The separation of operating and non-operating activities is crucial in financial analysis as it provides clarity and precision in assessing a company’s financial performance. By distinguishing between these two types of activities, analysts can better understand where a company’s revenues and expenses are coming from, which in turn enhances the accuracy of financial analysis and decision-making. This separation allows for a more detailed evaluation of a company’s operational efficiency, profitability, and the sustainability of its business model.

Financial analysts and investors rely on this distinction to isolate the core operational performance of a company from its other financial activities. For instance, a company may have a high net income due to a one-time sale of an asset (a non-operating activity), but its operating activities might be running at a loss. By separating these activities, stakeholders can identify such anomalies and make more informed decisions regarding the company’s operational health and long-term viability.

Influence on Profitability, Investment Decisions, and Risk Assessment

The differentiation between operating and non-operating activities has a significant influence on assessing a company’s profitability. Operating income provides insight into the profitability derived strictly from the company’s core business operations, offering a clearer view of the operational strength and efficiency. This is essential for evaluating the company’s ability to generate profit sustainably over time.

In terms of investment decisions, investors and creditors examine the operating income to gauge a company’s operational stability and growth potential. A company with strong operating income is often seen as a safer investment because it indicates that the company can generate enough profit from its core business to support operations and growth without relying on external or non-recurring sources.

Moreover, the separation aids in risk assessment by highlighting the volatility and unpredictability associated with non-operating activities. While operating income tends to be more stable and predictable, non-operating income can fluctuate significantly due to its often sporadic nature. Investors and analysts use this information to assess the level of risk associated with a company’s financial performance. A business heavily reliant on non-operating income might be considered riskier, as this income can be unpredictable and unsustainable in the long term.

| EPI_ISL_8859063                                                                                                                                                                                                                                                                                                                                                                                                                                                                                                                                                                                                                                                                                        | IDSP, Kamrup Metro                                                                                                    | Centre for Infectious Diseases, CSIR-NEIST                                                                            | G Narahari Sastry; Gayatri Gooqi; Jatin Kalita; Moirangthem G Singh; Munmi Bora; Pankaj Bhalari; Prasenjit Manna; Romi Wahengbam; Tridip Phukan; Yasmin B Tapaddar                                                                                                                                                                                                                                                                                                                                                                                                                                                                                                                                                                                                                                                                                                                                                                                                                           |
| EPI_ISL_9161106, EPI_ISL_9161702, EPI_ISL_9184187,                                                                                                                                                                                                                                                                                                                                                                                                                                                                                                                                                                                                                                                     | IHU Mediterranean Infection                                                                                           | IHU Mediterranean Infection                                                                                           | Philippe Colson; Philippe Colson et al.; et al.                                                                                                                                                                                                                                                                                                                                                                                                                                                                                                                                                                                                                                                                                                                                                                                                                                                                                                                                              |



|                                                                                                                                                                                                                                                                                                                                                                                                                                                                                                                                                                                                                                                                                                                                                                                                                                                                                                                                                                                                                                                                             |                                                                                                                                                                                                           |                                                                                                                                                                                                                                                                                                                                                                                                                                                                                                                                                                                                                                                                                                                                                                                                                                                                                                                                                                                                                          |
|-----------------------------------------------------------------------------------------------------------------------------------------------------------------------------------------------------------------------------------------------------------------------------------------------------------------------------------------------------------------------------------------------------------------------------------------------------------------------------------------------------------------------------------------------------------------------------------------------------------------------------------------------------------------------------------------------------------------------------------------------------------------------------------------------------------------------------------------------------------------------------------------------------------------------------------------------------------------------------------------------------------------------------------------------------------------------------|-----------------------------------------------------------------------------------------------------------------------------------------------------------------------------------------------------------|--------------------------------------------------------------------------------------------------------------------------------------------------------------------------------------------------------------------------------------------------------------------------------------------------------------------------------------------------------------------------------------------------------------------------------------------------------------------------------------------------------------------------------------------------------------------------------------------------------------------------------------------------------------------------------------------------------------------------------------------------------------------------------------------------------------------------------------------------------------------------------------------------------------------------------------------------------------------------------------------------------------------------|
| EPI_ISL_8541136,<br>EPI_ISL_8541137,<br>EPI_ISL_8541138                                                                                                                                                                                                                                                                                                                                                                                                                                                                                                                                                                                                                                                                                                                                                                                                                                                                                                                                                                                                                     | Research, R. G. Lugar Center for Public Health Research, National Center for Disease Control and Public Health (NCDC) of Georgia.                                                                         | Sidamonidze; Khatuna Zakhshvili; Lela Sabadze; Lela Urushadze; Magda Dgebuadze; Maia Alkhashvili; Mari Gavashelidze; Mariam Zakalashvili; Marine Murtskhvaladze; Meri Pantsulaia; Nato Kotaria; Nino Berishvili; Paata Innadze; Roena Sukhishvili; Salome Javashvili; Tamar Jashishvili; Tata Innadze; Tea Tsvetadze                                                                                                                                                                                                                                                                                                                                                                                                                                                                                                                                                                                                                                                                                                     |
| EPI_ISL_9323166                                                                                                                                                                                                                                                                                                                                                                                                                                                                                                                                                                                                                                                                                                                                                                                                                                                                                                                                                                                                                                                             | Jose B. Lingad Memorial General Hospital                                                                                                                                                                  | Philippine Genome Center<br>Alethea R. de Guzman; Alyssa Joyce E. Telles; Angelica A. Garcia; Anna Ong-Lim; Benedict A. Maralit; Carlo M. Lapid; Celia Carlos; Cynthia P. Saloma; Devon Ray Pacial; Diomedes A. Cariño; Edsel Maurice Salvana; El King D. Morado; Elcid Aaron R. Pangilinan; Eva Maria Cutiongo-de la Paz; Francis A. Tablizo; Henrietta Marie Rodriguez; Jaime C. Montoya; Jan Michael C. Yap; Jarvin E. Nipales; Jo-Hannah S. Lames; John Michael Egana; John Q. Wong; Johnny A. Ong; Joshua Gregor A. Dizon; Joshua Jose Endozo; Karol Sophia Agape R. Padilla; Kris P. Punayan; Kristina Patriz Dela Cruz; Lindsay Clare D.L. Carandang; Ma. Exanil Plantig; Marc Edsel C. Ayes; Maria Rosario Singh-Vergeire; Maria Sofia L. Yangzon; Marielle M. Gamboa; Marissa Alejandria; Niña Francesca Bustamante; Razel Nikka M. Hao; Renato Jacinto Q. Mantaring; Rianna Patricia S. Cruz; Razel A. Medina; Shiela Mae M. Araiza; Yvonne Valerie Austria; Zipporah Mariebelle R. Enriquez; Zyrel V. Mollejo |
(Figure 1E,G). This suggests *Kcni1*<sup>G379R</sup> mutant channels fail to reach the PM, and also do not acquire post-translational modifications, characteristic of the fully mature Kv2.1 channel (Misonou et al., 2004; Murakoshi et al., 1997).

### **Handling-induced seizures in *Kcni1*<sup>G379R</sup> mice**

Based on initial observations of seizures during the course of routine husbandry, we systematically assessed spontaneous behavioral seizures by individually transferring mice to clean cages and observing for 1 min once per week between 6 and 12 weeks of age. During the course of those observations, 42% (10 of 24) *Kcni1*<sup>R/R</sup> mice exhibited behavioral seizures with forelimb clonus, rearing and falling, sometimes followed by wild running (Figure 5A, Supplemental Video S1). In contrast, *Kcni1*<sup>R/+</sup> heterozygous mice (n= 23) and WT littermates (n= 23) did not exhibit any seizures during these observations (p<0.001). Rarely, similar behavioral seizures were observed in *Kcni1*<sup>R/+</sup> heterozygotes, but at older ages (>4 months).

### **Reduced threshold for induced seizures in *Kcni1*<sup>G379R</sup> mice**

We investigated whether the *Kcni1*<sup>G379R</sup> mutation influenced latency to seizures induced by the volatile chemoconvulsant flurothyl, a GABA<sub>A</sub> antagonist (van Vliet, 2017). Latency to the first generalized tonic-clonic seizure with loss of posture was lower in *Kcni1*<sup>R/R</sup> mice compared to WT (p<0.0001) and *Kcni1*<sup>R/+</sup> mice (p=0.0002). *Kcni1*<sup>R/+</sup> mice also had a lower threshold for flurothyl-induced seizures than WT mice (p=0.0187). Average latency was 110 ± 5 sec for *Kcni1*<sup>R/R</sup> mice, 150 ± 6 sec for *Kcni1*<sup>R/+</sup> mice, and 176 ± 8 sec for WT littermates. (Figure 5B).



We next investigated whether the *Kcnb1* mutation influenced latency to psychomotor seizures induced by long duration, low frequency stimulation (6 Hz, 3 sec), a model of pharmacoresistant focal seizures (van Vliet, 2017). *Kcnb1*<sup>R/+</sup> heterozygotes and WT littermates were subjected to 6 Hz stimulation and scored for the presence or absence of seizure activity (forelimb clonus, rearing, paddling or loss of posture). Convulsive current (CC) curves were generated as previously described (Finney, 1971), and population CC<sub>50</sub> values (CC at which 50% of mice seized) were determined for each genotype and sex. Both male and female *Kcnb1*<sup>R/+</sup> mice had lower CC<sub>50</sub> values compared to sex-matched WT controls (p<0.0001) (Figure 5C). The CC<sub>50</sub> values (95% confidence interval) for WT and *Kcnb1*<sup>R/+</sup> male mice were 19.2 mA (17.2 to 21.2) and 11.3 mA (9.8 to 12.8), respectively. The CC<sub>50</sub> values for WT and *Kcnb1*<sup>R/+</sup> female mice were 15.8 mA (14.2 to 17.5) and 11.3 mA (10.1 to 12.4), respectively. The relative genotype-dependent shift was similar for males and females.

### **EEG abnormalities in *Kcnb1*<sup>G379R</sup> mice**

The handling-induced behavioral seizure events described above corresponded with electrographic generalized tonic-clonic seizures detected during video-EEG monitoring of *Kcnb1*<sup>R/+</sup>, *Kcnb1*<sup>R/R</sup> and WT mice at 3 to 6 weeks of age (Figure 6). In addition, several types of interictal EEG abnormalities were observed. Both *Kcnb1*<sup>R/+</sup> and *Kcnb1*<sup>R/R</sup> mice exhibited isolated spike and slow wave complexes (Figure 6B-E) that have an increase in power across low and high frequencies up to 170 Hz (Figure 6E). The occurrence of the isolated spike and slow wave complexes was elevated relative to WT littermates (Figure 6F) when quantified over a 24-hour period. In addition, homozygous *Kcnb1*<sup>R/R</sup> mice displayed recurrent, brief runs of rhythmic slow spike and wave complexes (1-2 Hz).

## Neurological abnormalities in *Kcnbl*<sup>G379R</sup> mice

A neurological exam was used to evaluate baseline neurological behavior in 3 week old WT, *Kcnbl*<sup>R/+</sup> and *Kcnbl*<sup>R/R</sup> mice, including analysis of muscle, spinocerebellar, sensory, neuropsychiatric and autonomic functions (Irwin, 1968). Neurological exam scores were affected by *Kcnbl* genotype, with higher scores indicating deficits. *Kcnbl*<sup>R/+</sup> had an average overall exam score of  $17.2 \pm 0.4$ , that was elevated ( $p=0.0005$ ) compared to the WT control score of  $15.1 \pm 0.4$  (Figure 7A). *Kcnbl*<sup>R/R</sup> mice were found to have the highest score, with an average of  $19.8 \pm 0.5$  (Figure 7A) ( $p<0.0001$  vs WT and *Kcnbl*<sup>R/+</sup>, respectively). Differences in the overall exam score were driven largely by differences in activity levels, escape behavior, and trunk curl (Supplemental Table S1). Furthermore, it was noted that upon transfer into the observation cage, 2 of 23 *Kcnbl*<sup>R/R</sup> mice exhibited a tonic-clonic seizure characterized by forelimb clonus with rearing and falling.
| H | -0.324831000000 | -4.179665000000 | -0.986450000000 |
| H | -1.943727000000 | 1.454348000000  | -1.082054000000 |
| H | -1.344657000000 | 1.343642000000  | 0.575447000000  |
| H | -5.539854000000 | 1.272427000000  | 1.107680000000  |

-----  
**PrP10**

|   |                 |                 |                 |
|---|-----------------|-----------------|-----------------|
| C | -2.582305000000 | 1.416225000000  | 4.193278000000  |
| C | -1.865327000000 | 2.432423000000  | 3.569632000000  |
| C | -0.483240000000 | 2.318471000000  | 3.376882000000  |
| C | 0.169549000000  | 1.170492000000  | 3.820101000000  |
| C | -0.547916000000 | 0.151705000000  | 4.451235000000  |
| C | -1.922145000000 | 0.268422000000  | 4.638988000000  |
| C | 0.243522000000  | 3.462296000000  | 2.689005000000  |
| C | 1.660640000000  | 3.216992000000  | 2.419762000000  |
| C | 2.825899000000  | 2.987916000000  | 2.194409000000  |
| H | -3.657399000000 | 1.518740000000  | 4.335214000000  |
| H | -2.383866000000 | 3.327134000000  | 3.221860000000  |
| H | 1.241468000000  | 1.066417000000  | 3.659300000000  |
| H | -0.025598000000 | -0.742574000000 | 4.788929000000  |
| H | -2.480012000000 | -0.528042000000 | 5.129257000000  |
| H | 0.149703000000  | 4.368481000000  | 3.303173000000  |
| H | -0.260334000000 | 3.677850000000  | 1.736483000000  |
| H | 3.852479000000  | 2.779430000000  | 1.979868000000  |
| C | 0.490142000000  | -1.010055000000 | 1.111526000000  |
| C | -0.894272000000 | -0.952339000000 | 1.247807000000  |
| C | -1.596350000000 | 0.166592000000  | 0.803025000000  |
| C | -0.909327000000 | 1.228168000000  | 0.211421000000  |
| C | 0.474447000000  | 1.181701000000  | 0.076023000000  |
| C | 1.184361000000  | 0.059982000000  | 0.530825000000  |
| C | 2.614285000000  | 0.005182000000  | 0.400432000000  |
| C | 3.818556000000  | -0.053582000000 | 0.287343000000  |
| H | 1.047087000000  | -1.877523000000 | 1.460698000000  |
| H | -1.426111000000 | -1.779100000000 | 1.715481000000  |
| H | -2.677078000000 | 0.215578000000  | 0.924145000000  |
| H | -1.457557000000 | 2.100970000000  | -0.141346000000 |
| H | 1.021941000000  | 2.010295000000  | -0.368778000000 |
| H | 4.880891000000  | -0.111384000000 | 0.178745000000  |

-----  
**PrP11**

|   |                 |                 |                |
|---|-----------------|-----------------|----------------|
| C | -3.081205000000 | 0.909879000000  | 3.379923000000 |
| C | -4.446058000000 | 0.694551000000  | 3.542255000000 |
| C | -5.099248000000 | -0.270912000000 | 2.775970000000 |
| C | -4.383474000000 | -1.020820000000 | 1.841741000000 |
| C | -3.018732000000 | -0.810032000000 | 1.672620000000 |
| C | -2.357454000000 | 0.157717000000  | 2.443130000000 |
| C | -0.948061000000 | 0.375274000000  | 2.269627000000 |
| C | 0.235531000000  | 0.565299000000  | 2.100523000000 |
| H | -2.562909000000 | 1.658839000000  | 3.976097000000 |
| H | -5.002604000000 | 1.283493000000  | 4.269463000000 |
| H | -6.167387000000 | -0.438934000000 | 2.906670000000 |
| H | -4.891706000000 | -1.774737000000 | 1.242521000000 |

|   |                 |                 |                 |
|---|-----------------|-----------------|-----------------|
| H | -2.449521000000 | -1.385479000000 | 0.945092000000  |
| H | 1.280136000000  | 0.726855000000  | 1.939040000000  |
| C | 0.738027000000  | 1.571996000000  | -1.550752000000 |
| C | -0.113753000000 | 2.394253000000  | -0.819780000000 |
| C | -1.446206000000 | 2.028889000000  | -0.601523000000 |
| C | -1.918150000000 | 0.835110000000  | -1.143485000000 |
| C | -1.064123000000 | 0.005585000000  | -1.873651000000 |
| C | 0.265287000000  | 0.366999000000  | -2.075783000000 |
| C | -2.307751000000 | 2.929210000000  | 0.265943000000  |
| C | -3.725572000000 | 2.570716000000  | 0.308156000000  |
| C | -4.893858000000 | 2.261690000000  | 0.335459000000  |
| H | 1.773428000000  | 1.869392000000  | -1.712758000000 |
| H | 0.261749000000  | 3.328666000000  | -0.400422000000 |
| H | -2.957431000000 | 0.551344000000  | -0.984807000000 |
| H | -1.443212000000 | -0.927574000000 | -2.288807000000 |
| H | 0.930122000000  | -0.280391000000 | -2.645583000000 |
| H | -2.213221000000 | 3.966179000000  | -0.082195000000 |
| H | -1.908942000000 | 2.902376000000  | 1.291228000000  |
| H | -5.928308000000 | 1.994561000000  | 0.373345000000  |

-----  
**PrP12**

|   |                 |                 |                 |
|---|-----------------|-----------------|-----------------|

In summary, separating operating from non-operating activities is vital for accurate financial analysis, informed decision-making, and comprehensive risk assessment. It allows stakeholders to better evaluate the company’s operational effectiveness, financial stability, and the sustainability of its profit-generating abilities, which are crucial for making investment and strategic business decisions.

Analyzing Operating vs Non-Operating Activities

Techniques for Analyzing the Performance

To effectively analyze the performance of operating and non-operating activities, financial analysts employ various techniques. One common approach is trend analysis, where analysts examine the changes in these activities over several periods to identify patterns, fluctuations, and anomalies. This helps in understanding how consistent and sustainable the company’s operating income is and the extent to which non-operating activities influence total profitability.

Segment analysis is another technique used, especially in diversified companies, to evaluate the performance of different business units or segments. This analysis can reveal which segments are performing well in terms of operating activities and which are relying more on non-operating income. Analysts also use variance analysis to compare actual performance against budgets or forecasts, providing insights into how well the company is managing its operating and non-operating activities relative to its plans.

Additionally, common size analysis involves converting each item on the income statement into a percentage of total sales. This method helps in comparing companies of different sizes and in understanding how significant operating and non-operating activities are in relation to total revenue.

Role in Financial Ratio Analysis

Operating and non-operating activities play a crucial role in financial ratio analysis, aiding stakeholders in evaluating a company’s financial health and operational efficiency. Ratios such as the operating margin (operating income divided by net sales) focus solely on operating activities, providing insight into how efficiently a company turns sales into profits before accounting for non-operating items. A higher operating margin indicates a strong performance in core business activities and operational efficiency.

In contrast, the net profit margin (net income divided by net sales) encompasses the effects of both operating and non-operating activities, offering a broader view of a company’s overall profitability. This ratio shows how much of each dollar in revenues is translated into profit after all expenses are considered.

Other ratios, like the return on assets (ROA) or return on equity (ROE), also integrate the outcomes of both operating and non-operating activities to assess how effectively a company uses its resources to generate earnings. Analyzing these ratios over time or in comparison with industry peers can provide valuable insights into a company’s financial performance and operational health.